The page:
Parashat Vayehi 5779

A D’var Torah for Parashat Vayehi
by Cantor Sandy Horowitz (’14)

With Parashat Vayehi we come to the end of the book of Genesis, the completion of a series of individual narratives including those of our matriarchs and patriarchs.

Let us imagine for a moment that Genesis and the following book of Exodus are two parts of a movie, each with its own musical soundtrack. Genesis ends on a happy note as Jacob is buried in the family plot at Makhpela in Canaan, surrounded by his family — grand-finale-type music, or perhaps a mellow, sweet melody. Camera pans out. Suddenly, the tone of the movie score alters dramatically as the Exodus narrative begins — a sinister motif suggesting the portent of things to come, the slavery of our people at the hands of a paranoid and cruel pharaoh. There’s trouble ahead!

Pause. We’re not ready to move forward yet. High-speed rewind. Let’s take another look at that Genesis happy ending, for Parashat Vayehi is actually neither happy nor an ending.

In Vayehi Jacob’s burial scene is preceded by the final words spoken by the dying Jacob to his sons, which can hardly be viewed as the blessings of a loving father. He calls his eldest, Reuben, “Unstable as water, you shall not excel…”; to Simeon and Levi he declares, “Instruments of cruelty are [your] swords” and continues from there (Genesis 49:4-5). Later, after Joseph and his brothers have buried their father, we see that the brothers continue to be plagued by guilt over their past mistreatment of Joseph, suggesting further flaws in the reconciliation theme: “Joseph will perhaps hate us, and will certainly pay us back for all the evil which we did to him…”(Genesis 50:15).  Perhaps the end-of-Genesis music is not so sweet and happy after all; rather more complex musical themes must be intertwined with one another, to better reflect the text.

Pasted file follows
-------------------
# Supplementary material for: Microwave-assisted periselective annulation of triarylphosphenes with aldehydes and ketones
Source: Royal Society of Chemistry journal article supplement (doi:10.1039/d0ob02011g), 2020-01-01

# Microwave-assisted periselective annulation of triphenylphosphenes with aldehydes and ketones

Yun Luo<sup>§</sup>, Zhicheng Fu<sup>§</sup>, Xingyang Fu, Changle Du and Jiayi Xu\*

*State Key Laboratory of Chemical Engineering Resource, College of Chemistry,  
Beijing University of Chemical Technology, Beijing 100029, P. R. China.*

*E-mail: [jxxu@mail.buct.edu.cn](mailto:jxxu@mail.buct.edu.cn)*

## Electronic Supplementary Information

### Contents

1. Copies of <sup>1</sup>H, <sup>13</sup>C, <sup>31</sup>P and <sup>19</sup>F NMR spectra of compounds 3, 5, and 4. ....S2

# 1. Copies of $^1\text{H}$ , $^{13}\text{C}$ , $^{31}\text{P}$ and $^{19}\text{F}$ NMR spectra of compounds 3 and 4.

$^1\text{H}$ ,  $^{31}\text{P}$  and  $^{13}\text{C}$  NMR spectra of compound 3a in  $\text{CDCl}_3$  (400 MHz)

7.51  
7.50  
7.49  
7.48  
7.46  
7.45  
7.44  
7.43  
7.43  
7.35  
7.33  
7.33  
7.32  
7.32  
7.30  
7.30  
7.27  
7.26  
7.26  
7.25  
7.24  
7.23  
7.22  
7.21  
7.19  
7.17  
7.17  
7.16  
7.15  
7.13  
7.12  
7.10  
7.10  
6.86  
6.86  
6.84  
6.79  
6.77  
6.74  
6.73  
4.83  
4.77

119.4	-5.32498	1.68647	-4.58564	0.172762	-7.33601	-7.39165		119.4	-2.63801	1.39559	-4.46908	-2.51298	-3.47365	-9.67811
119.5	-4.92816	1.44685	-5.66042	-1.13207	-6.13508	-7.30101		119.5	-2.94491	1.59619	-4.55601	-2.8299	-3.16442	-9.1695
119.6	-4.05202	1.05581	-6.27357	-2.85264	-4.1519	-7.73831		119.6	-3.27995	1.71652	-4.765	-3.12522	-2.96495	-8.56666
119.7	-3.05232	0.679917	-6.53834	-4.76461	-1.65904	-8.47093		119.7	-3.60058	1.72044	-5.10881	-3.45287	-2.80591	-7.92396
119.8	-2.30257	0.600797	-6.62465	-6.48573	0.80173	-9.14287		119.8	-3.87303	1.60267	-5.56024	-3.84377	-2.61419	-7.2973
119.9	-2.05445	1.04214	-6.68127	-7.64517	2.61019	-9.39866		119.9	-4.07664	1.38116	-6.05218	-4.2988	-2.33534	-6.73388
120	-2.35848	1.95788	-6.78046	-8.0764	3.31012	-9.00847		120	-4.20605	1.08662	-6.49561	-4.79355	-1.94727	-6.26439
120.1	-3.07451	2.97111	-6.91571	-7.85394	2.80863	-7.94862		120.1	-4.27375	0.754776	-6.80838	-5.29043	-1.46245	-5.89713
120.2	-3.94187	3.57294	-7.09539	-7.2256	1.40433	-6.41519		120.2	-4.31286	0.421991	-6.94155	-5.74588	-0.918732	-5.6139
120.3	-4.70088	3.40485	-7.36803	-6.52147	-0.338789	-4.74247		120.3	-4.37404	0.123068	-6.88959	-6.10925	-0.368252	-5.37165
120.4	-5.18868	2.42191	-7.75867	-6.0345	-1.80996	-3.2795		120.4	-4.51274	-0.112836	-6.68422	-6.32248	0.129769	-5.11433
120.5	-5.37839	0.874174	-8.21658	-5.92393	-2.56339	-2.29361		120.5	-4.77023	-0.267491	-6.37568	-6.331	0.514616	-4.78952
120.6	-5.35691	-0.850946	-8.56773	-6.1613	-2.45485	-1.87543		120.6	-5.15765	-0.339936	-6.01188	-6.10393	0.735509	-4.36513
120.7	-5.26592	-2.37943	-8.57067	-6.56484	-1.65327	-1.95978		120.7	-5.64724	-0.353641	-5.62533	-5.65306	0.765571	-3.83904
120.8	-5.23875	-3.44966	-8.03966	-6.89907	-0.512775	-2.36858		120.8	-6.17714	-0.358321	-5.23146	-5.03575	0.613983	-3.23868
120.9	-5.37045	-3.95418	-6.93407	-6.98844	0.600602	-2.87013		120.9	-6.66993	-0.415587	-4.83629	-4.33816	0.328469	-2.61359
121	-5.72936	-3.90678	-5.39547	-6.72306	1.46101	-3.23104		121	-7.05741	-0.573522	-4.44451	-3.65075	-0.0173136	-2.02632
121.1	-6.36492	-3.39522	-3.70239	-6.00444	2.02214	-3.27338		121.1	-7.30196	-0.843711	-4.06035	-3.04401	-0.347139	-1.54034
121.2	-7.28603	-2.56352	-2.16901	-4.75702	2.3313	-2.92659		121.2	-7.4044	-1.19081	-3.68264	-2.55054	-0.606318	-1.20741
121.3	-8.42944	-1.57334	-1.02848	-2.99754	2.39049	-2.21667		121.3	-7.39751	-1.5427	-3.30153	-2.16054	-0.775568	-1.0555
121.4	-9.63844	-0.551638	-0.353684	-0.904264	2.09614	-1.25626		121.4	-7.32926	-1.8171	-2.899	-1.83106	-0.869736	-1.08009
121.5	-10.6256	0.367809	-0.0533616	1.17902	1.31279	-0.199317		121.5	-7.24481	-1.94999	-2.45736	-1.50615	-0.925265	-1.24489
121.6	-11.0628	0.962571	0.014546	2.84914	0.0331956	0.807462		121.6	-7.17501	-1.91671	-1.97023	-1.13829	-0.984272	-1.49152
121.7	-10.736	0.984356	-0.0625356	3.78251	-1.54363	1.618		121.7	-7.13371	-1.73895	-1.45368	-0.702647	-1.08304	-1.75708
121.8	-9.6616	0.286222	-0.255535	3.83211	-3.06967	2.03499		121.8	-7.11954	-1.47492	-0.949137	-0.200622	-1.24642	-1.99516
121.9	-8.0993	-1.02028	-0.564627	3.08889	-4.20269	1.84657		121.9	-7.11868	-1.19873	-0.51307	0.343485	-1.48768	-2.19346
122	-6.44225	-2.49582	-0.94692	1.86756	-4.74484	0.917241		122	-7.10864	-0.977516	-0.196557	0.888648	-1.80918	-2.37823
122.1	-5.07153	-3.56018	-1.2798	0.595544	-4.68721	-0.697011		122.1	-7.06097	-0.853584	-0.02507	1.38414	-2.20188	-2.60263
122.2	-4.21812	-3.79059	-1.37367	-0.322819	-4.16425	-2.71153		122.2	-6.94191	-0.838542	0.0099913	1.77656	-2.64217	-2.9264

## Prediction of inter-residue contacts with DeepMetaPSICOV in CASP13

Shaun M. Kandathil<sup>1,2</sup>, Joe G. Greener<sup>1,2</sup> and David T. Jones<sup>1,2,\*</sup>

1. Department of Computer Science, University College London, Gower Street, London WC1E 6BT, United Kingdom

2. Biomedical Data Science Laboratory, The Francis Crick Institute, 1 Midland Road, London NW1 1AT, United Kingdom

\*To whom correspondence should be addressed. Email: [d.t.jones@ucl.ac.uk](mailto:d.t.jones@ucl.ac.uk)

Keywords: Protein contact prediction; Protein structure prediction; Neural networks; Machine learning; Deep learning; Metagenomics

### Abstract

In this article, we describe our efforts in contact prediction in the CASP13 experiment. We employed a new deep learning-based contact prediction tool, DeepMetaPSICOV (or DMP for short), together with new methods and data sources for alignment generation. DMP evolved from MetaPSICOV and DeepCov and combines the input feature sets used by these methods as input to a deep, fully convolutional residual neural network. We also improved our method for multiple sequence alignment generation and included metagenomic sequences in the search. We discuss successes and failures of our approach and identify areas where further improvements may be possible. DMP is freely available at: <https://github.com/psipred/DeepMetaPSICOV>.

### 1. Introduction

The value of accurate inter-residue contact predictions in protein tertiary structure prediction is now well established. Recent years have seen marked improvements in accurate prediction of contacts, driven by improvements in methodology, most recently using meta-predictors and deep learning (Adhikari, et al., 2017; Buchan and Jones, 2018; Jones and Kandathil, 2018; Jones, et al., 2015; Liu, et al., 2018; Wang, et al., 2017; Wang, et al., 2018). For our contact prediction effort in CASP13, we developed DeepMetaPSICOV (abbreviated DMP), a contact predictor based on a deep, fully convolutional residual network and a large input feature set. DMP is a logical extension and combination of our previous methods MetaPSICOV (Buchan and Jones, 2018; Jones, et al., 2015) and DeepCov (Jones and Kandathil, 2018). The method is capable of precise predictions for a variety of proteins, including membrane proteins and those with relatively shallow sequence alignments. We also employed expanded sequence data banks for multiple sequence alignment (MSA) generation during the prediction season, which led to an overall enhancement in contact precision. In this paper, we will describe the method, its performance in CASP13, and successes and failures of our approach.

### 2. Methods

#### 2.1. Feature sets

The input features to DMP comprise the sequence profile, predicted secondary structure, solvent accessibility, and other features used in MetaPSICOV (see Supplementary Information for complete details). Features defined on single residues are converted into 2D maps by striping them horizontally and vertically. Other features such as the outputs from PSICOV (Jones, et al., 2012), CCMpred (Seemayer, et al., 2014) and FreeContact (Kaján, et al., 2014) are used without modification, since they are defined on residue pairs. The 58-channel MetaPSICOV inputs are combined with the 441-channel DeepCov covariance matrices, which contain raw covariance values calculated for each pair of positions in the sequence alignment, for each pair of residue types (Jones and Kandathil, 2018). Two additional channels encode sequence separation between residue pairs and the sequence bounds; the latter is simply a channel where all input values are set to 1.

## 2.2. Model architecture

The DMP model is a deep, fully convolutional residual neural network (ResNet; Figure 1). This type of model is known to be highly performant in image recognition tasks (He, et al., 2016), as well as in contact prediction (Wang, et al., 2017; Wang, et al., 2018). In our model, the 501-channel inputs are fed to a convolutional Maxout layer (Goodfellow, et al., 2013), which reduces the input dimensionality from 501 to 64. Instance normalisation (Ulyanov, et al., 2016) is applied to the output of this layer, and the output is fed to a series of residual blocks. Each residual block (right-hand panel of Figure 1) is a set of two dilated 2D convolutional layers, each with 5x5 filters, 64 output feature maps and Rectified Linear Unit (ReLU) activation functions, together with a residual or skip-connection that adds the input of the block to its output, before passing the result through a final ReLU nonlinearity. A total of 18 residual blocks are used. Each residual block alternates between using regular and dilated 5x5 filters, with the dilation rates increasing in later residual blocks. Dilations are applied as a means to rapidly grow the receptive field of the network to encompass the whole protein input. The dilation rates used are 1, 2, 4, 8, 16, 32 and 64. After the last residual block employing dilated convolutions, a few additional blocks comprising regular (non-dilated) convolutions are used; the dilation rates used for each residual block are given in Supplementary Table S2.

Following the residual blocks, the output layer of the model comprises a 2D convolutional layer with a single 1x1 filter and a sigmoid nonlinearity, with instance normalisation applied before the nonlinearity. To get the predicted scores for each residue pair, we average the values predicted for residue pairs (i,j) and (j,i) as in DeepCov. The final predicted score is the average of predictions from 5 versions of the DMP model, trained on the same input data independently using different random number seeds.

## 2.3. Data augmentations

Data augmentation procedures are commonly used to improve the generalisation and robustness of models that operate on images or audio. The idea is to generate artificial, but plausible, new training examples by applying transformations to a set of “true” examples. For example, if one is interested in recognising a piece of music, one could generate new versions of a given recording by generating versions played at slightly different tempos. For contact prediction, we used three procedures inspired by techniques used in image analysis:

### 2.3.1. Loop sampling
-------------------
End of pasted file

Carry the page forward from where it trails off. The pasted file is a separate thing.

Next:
Neither happy nor an ending. In a literal sense, although the physical lives of Jacob’s sons come to end, their names live on as the heads of the twelve tribes of Israel, and will continue to be invoked as such throughout the biblical narrative.

The names of the patriarchs will also continue to be invoked as the story of our biblical ancestors unfolds. What’s more, to this day we recite their names (and for many of us, the matriarchs as well) each time we pray the first blessing of the Amidah. This is a gift, a miracle that allows us to bridge the gap between our own personal ancestors and those of our tradition. I can name my parents of blessed memory; I can barely name my grandparents who came from Eastern Europe and whose stories remain largely untold. My personal narrative ends there as I look back in time; anything before that is a vast unknown. To be reminded that I am also the daughter of Sarah and Abraham, Rebecca and Isaac, Rachel, Leah and Jacob serves as a profound spiritual anchor, linking their stories with mine.

As we leave Genesis and prepare to enter the Exodus narrative, we know that the soon-to-be enslaved Israelites will need to re-learn the stories of their ancestry once they become free. It won’t be the last time that the Jewish people lose sight of, and then regain, the spiritual connection with our past. As the Genesis narratives come to an end for another year, our continued recitation of the names of the ancestors keeps them alive through our collective memory. Hazak Hazak v’nit-hazek!
Cantor Sandy Horowitz is the Cantor/Educator of Congregation Adas Emuno in Leonia, NJ. She received ordination from the Academy for Jewish Religion in 2014.